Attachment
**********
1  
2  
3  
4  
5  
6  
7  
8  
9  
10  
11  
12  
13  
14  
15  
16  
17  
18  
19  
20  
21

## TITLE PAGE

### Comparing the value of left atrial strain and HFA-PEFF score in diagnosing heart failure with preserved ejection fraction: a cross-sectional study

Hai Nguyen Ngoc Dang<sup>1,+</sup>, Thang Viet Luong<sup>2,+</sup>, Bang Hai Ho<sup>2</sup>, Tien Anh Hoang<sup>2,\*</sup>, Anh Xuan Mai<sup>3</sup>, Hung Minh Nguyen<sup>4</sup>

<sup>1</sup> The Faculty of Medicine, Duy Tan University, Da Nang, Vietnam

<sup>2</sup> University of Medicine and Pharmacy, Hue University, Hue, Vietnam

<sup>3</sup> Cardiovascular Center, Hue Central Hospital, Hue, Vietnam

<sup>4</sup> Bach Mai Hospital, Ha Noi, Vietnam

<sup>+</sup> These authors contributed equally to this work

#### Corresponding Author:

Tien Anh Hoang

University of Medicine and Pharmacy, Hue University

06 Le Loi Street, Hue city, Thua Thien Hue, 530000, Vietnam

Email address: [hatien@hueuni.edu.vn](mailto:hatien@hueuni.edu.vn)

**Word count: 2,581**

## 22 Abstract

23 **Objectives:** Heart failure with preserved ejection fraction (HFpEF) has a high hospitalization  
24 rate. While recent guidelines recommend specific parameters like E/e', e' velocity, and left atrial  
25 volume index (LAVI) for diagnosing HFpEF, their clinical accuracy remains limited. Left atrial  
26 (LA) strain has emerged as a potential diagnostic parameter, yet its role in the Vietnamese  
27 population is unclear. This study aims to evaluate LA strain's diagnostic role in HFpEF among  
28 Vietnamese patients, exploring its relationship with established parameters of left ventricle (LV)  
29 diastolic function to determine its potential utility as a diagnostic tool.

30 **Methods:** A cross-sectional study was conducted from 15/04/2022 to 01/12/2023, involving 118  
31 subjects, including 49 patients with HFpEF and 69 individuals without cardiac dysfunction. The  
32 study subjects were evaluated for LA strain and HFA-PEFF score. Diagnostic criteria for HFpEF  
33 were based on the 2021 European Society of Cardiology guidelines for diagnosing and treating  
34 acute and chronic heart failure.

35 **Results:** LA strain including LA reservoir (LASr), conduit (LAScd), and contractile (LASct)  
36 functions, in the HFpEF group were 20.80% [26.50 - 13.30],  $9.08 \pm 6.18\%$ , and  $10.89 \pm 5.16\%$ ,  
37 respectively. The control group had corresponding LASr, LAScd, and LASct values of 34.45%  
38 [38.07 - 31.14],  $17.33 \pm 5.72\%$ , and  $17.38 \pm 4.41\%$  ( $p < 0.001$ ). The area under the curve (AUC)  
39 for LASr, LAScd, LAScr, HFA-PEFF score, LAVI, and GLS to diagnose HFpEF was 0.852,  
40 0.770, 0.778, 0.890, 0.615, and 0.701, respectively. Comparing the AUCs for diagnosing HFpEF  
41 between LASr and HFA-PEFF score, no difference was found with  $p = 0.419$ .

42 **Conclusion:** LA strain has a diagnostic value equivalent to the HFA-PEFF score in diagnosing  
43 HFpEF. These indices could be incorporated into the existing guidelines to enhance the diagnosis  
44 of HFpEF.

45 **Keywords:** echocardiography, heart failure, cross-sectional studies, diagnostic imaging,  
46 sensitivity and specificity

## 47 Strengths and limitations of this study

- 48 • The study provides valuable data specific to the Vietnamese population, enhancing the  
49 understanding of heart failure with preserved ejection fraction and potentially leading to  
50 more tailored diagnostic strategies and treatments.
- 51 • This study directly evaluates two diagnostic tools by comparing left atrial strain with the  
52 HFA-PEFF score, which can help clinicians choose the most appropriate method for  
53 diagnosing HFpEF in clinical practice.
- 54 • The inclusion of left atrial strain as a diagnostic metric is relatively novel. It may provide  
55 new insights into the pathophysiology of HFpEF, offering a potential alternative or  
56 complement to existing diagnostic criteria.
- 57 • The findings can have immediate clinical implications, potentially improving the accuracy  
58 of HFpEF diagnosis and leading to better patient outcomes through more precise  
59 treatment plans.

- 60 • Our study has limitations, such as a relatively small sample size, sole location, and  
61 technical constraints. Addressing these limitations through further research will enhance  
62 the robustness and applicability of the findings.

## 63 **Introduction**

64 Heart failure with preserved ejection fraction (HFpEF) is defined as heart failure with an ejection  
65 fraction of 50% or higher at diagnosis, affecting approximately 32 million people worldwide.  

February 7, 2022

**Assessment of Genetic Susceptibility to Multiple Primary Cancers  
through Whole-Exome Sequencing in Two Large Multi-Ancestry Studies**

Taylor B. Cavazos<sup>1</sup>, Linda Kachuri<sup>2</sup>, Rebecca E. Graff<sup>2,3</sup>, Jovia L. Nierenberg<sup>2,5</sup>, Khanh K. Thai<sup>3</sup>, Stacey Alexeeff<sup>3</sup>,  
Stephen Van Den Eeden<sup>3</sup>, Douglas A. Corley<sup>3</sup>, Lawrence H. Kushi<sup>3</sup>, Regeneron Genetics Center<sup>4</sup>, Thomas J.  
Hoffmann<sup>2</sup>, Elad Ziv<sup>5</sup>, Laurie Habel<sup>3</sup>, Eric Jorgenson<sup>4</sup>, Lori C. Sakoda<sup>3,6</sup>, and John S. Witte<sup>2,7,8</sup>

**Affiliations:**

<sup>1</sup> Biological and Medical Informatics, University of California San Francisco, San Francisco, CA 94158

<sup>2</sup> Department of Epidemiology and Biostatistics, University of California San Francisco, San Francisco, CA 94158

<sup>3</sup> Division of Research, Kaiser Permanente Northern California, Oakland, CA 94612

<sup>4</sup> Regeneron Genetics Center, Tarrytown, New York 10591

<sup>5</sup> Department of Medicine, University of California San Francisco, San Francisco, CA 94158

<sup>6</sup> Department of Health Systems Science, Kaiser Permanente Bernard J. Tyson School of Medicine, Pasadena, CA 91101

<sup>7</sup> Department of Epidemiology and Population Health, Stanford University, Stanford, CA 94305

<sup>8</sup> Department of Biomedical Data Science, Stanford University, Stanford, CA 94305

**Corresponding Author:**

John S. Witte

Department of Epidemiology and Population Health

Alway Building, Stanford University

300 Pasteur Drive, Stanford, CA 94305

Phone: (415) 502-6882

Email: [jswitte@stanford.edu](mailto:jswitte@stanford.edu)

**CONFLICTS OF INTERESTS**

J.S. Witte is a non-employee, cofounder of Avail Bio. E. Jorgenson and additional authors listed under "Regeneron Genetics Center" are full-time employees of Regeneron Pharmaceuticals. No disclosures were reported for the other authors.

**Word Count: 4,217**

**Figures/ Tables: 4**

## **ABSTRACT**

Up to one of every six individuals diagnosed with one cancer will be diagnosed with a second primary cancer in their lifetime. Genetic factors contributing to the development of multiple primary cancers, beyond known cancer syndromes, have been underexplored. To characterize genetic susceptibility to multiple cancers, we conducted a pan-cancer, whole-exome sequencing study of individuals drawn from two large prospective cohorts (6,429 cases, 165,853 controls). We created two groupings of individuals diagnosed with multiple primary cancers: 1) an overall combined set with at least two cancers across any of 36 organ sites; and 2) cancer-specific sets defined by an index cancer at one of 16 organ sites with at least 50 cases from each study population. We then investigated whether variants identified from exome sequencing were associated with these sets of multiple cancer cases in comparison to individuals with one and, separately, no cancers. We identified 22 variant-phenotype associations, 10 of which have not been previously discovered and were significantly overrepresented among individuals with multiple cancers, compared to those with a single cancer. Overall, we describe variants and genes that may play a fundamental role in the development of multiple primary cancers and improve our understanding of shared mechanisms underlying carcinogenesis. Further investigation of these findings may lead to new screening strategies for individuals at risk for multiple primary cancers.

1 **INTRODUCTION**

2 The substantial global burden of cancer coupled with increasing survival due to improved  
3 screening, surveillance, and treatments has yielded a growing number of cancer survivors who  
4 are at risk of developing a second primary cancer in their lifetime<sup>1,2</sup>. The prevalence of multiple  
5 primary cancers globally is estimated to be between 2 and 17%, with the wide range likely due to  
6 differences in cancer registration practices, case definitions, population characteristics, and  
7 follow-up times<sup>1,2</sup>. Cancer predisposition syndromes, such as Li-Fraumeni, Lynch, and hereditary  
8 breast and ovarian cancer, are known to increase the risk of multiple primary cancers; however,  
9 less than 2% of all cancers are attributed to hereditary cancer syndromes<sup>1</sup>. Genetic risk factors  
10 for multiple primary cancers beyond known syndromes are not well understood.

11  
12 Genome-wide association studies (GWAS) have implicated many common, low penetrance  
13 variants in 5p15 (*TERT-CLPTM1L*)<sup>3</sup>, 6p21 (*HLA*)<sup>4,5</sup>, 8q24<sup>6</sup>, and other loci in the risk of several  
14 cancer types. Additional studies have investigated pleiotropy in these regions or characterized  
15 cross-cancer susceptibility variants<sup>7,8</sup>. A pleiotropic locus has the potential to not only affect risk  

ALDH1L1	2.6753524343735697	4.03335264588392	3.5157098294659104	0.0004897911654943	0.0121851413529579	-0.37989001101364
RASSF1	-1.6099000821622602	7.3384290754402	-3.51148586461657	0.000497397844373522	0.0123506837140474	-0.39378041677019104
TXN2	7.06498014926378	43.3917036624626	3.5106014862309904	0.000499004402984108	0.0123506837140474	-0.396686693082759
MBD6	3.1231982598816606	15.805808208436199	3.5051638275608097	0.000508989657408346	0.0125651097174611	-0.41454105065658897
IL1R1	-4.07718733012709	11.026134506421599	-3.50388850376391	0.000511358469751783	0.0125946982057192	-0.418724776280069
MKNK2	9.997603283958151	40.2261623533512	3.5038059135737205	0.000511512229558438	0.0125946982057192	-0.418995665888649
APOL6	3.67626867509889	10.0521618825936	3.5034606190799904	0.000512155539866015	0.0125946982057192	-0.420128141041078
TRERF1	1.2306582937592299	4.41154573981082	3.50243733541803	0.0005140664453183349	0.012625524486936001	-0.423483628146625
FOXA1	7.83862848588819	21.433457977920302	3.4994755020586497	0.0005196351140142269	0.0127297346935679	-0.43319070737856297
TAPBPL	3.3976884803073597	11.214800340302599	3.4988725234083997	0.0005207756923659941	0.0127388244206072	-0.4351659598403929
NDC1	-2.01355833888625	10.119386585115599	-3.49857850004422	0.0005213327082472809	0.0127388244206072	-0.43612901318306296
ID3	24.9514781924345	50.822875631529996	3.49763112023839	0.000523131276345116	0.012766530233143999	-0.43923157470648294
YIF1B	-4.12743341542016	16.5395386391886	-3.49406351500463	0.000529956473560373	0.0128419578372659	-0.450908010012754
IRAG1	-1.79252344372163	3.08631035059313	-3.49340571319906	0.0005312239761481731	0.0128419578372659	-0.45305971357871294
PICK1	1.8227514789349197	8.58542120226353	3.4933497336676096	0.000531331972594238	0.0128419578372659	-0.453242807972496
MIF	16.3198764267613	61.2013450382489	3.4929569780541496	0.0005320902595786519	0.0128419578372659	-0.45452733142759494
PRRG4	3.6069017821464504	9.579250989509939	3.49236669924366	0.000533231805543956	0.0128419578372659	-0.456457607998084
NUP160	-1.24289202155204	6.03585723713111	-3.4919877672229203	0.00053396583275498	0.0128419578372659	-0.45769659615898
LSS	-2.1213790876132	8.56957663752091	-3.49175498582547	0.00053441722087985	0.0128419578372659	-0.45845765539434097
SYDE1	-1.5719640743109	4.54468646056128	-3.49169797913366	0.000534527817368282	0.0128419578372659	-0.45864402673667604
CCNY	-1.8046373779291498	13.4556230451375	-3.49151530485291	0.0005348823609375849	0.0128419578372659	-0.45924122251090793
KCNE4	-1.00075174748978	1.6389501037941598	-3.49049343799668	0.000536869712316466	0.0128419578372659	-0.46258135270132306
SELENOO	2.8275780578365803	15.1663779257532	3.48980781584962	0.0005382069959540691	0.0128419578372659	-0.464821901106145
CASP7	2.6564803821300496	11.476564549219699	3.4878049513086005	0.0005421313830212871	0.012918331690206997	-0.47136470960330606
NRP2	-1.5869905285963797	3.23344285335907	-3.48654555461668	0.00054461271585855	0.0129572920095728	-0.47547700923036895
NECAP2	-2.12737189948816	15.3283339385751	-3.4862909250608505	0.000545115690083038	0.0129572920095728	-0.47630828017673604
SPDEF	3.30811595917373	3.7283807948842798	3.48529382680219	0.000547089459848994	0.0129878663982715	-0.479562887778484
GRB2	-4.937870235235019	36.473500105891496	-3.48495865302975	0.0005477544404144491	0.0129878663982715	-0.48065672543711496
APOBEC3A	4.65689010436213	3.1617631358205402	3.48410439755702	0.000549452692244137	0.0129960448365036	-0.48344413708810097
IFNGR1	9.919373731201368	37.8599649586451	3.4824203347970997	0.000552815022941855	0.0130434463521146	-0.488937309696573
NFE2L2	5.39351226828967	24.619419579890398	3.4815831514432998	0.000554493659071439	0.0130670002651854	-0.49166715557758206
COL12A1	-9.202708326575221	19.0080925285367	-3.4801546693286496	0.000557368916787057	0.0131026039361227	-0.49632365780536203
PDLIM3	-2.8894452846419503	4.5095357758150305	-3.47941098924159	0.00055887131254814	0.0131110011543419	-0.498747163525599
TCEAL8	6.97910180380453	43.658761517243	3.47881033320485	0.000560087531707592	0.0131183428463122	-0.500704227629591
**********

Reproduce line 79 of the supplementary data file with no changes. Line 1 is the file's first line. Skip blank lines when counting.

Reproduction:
65 fraction of 50% or higher at diagnosis, affecting approximately 32 million people worldwide.  